“We’re not looking for businesses in distress. We’re looking for those who wish to partner with us to grow their business. We seek up and coming businesses, and do that by identifying firms in the market that we think will work culturally with us, and share our aspirations for growth and putting their clients first.”
How Covid accelerated tech adoption
Finding positives from the coronavirus pandemic is no easy task - our personal and professional lives have been deeply affected. But one of the few bright spots has been the wider adoption of technology, which is now helping both the profession and Fairstone deliver advice more efficiently to more people.

The profession has long prided itself on its personal touch, but with face-to-face meetings prohibited for long stretches during the past two years due to social distancing restrictions, virtual meetings proved a worthy substitute. Video technology such as Zoom and Teams enabled clients to stay connected to their advisers, and Green says consumers across all demographics are now more open to engaging digitally.

“For existing clients, we’re seeing more and more wanting to conduct interviews virtually,” he says. “The majority of the first appointments we book are through Teams, then we book face-to-face meetings down the line.”

Green adds this shift has enabled Fairstone to become leaner. By conducting more client meetings virtually, advisers can spend more time seeing existing clients and attracting new ones. And this is making inroads into one of the sector’s biggest ongoing challenges: the advice gap.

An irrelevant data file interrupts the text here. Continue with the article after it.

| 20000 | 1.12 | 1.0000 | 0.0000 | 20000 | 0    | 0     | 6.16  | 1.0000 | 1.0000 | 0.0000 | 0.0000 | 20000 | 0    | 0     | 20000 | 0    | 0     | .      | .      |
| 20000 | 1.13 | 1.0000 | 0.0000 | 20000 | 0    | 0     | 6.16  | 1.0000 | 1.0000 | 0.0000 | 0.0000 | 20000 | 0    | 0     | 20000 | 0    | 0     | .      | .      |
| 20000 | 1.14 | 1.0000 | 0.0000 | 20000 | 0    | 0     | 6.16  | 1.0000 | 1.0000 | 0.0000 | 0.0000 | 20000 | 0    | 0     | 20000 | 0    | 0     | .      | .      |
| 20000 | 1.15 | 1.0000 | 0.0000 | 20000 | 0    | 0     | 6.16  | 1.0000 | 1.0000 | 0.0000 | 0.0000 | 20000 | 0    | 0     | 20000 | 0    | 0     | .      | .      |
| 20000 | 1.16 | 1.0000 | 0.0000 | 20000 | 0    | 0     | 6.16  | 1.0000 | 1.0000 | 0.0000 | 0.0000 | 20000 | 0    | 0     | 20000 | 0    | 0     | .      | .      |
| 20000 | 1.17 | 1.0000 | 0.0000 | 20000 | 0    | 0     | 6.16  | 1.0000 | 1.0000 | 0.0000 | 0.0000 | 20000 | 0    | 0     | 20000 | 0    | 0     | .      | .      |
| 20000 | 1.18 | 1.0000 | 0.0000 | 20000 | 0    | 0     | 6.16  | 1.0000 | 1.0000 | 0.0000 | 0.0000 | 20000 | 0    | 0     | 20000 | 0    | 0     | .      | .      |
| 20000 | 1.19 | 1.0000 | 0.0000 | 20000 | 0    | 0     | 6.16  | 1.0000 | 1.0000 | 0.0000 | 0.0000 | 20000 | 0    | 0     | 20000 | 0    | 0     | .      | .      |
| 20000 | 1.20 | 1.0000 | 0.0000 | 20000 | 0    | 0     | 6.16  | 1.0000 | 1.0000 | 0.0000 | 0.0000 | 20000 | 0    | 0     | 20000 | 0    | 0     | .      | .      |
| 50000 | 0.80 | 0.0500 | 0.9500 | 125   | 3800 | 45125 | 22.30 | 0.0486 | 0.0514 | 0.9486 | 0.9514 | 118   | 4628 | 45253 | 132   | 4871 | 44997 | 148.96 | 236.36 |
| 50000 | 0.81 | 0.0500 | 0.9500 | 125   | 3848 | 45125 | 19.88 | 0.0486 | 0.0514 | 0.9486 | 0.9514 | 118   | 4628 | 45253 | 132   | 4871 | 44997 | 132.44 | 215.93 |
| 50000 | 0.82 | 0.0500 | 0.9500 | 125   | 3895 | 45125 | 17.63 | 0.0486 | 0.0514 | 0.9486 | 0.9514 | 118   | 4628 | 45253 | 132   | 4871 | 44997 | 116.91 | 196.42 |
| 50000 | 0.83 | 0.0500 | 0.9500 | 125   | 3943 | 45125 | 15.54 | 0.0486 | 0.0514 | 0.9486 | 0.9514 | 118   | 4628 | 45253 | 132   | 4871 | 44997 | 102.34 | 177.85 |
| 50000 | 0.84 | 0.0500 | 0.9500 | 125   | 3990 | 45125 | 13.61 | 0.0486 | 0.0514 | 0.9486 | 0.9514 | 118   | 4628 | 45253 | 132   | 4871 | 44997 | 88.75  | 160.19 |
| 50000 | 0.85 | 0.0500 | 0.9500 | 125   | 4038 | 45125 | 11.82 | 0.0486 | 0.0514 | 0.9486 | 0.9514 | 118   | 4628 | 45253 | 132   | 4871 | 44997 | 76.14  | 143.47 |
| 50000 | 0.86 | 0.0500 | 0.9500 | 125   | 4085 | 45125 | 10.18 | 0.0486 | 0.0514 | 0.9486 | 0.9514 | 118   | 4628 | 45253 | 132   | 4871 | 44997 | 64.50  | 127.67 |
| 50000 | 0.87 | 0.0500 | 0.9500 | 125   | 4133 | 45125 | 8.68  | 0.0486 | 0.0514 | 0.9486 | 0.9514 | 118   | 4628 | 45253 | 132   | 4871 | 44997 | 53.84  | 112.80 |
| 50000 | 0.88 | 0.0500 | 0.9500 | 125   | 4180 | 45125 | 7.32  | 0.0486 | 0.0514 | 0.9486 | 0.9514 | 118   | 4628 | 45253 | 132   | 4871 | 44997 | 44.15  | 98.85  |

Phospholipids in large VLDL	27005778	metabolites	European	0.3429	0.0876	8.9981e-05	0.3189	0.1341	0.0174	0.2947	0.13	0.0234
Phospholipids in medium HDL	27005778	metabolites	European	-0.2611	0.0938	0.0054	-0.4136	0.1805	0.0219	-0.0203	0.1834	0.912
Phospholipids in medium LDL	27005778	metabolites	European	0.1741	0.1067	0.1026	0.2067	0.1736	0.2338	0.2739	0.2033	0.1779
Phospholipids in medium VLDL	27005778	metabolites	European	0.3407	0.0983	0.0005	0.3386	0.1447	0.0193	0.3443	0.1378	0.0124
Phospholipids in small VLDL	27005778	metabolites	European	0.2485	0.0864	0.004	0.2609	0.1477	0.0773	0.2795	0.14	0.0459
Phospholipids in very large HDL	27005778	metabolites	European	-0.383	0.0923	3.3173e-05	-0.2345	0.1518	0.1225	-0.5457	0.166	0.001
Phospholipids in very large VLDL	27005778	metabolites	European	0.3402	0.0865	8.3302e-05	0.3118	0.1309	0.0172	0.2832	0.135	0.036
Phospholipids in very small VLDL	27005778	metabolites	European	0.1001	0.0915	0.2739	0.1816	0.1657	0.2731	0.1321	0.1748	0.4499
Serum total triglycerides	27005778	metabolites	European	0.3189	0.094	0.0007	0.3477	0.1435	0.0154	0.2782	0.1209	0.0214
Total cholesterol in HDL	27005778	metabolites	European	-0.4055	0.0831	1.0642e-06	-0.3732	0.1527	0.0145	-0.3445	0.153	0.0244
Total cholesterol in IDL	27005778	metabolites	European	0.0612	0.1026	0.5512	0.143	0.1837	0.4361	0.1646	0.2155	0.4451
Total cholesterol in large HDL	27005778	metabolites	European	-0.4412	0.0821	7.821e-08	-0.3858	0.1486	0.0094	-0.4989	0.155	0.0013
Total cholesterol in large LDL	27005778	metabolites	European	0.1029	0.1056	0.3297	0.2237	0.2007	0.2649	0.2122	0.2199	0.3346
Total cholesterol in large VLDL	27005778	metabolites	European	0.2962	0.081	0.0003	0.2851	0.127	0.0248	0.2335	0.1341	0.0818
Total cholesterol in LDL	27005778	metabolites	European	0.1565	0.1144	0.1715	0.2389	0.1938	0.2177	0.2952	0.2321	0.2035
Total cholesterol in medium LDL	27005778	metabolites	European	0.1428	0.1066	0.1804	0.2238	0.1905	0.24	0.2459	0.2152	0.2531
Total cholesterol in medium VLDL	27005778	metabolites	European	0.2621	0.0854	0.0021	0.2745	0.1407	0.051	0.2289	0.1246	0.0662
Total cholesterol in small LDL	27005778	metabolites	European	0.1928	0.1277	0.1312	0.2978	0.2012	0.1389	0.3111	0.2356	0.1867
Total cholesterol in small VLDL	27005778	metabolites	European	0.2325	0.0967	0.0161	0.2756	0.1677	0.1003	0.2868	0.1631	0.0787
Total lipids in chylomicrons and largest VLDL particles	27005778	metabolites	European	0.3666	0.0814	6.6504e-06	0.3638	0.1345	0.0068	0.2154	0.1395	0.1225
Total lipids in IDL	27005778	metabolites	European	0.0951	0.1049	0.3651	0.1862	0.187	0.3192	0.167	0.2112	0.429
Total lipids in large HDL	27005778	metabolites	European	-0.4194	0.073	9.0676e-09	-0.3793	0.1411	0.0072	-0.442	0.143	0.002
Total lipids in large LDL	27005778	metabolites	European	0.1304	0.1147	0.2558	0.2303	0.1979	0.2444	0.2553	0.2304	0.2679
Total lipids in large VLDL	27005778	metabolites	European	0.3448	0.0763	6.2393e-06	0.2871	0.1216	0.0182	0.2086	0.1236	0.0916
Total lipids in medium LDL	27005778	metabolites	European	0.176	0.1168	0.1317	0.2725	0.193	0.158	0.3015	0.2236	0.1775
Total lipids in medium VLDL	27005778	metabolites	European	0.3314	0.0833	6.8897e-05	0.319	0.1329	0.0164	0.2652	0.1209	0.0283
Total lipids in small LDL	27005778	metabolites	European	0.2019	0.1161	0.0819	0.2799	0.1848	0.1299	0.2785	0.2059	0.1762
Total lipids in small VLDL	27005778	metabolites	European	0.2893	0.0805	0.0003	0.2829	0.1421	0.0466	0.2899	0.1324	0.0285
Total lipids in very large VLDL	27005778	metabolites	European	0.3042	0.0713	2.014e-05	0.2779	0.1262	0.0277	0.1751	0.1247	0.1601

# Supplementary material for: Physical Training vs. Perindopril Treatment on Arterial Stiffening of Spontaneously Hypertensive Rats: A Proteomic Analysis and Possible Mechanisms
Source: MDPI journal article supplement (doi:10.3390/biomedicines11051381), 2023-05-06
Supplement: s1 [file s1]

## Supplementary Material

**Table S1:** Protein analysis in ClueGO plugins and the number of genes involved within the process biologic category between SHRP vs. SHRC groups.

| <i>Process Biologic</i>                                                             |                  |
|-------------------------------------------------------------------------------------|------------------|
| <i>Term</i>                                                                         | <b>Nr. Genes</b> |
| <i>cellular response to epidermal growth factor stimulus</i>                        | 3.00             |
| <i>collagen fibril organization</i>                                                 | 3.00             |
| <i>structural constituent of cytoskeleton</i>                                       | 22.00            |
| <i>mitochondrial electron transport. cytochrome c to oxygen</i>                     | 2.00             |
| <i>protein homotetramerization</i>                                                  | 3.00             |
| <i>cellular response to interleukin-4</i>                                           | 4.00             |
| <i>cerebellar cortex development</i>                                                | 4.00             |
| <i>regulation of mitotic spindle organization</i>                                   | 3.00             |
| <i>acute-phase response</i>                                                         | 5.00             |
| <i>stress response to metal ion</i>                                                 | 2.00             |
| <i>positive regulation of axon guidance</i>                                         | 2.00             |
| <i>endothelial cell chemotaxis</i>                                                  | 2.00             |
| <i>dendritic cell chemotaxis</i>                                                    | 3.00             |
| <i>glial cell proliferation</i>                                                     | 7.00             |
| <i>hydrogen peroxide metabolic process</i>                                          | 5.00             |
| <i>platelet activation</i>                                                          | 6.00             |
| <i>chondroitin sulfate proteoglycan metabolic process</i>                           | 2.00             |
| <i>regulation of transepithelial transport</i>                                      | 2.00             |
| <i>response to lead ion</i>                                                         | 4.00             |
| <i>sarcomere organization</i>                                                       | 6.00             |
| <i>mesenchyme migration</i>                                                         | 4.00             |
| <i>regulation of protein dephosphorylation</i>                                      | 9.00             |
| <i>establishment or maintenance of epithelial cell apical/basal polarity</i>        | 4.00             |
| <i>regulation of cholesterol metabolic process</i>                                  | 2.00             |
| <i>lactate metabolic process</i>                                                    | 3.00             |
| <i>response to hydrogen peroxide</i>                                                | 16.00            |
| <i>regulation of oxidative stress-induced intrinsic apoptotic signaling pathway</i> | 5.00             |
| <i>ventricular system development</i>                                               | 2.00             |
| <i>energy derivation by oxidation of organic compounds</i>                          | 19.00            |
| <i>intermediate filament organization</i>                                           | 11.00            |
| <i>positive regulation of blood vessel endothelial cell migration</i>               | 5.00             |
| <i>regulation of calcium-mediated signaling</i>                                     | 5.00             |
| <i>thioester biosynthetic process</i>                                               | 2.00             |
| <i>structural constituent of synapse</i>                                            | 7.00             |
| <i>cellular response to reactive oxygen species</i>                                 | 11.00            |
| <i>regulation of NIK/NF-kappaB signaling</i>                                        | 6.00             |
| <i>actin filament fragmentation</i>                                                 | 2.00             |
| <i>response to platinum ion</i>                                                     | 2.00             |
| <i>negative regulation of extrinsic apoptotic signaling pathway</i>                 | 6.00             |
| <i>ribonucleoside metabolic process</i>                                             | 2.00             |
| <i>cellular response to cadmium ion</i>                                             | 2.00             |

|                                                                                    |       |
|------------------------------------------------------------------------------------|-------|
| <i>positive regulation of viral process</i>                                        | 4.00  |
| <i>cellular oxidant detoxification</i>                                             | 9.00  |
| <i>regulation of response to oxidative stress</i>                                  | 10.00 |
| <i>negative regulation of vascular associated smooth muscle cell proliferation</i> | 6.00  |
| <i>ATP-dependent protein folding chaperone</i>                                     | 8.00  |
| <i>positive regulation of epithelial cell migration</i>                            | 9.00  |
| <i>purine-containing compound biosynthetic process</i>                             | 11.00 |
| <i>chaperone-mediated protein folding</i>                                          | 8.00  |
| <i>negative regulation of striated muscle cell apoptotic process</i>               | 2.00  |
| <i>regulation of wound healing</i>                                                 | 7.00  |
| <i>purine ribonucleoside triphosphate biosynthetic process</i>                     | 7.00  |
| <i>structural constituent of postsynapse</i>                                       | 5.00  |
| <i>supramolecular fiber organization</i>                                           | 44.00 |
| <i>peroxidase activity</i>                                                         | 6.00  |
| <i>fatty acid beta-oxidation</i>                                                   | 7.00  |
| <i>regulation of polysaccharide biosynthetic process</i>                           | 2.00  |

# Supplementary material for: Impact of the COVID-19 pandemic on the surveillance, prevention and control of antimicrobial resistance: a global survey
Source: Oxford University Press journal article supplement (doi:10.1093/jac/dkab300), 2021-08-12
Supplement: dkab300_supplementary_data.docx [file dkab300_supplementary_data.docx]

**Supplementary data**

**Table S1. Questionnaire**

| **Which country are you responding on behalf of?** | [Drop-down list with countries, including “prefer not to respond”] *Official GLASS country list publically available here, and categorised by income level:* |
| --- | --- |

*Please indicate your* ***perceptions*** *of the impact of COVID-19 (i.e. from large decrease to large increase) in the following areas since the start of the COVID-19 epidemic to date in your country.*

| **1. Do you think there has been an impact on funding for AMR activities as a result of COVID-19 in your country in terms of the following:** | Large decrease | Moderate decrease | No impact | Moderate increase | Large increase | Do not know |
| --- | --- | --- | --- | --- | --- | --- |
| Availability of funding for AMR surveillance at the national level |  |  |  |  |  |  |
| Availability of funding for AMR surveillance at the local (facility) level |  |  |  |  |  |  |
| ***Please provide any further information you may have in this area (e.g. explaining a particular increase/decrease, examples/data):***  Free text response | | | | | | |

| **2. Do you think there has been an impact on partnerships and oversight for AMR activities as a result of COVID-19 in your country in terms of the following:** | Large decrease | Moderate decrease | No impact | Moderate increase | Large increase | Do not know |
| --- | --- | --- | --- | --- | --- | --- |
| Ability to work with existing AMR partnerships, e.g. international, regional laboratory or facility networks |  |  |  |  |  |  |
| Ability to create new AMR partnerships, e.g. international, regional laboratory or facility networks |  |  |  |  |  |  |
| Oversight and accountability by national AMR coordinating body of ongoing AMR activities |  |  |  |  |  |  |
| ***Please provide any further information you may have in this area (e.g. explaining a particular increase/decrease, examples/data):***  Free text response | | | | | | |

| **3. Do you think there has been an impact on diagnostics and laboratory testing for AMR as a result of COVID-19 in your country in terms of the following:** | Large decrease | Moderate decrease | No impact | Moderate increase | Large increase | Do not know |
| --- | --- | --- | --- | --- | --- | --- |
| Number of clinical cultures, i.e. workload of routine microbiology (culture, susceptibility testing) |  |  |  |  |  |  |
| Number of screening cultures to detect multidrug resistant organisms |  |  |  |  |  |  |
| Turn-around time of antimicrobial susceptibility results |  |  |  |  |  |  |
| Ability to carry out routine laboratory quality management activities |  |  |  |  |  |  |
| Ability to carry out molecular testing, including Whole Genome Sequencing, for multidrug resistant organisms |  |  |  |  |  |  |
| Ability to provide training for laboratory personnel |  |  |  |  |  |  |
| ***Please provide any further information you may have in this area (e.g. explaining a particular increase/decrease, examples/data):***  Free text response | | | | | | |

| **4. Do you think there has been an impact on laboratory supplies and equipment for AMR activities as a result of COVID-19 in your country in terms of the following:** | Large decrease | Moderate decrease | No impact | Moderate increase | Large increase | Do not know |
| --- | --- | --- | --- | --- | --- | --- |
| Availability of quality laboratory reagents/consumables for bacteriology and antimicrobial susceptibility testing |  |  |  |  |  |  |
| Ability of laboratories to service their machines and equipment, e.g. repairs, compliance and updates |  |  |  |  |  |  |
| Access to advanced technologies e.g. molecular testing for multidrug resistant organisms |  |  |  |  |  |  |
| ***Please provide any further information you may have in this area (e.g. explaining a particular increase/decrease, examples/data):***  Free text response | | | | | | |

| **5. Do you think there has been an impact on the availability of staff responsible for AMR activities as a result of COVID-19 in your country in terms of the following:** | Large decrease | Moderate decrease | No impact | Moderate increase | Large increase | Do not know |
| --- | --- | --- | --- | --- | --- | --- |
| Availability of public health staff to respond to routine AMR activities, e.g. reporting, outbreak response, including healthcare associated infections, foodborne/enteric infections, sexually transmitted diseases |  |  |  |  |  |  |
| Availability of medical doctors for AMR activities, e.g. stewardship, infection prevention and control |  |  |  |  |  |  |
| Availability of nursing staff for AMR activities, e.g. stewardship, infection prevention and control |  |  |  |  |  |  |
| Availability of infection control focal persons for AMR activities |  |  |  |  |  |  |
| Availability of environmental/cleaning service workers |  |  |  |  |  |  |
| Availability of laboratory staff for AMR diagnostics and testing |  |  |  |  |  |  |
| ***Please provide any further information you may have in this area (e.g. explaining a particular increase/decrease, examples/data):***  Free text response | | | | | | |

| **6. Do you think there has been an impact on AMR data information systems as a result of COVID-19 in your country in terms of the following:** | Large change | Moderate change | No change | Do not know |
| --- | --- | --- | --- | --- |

Removing the barriers to advice for younger savers
According to Green, the Great Wealth Transfer should prove a notable tailwind for advisers, with trillions of pounds set to pass between generations over the coming decades. “This presents a big opportunity to engage and educate younger generations around simple financial aspects,” he says.

In recognition of this, Fairstone has launched several initiatives to help improve the financial literacy of those due to inherit this wealth. These include a junior finance academy, with a gamified nature to make it fun and engaging, and also a hybrid advice service, which seeks to make advice accessible for younger people at the start of their careers. “We want to help the early accumulator start their financial journey,” Green says.

Since the retail distribution came into force in 2013, advice has largely been reserved for the affluent. This is driving many younger investors to DIY platforms. But although people taking their first steps on the savings ladder is indeed encouraging, Green says advice in this area is imperative to ensure their investment strategies are appropriate in terms of attitude to risk and capacity to bear losses.

“Our hybrid service sits between full advice and DIY, combining slick, efficient technology with the security and comfort of knowing a human adviser is involved in the process to check risk and suitability.”

A further initiative has its sights set firmly on the future - Fairstone runs a seminar programme for young medical professionals.

Green says: “We visit 33 medical schools and talk to them about education, budgeting, and planning as we recognise that they will eventually become affluent and need advice further down the line.”

Fairstone is committed to providing barrier-free access to advice at the best possible value. Unbiased opens up this service to a whole new audience, which complements and supports its efforts across the wider marketplace.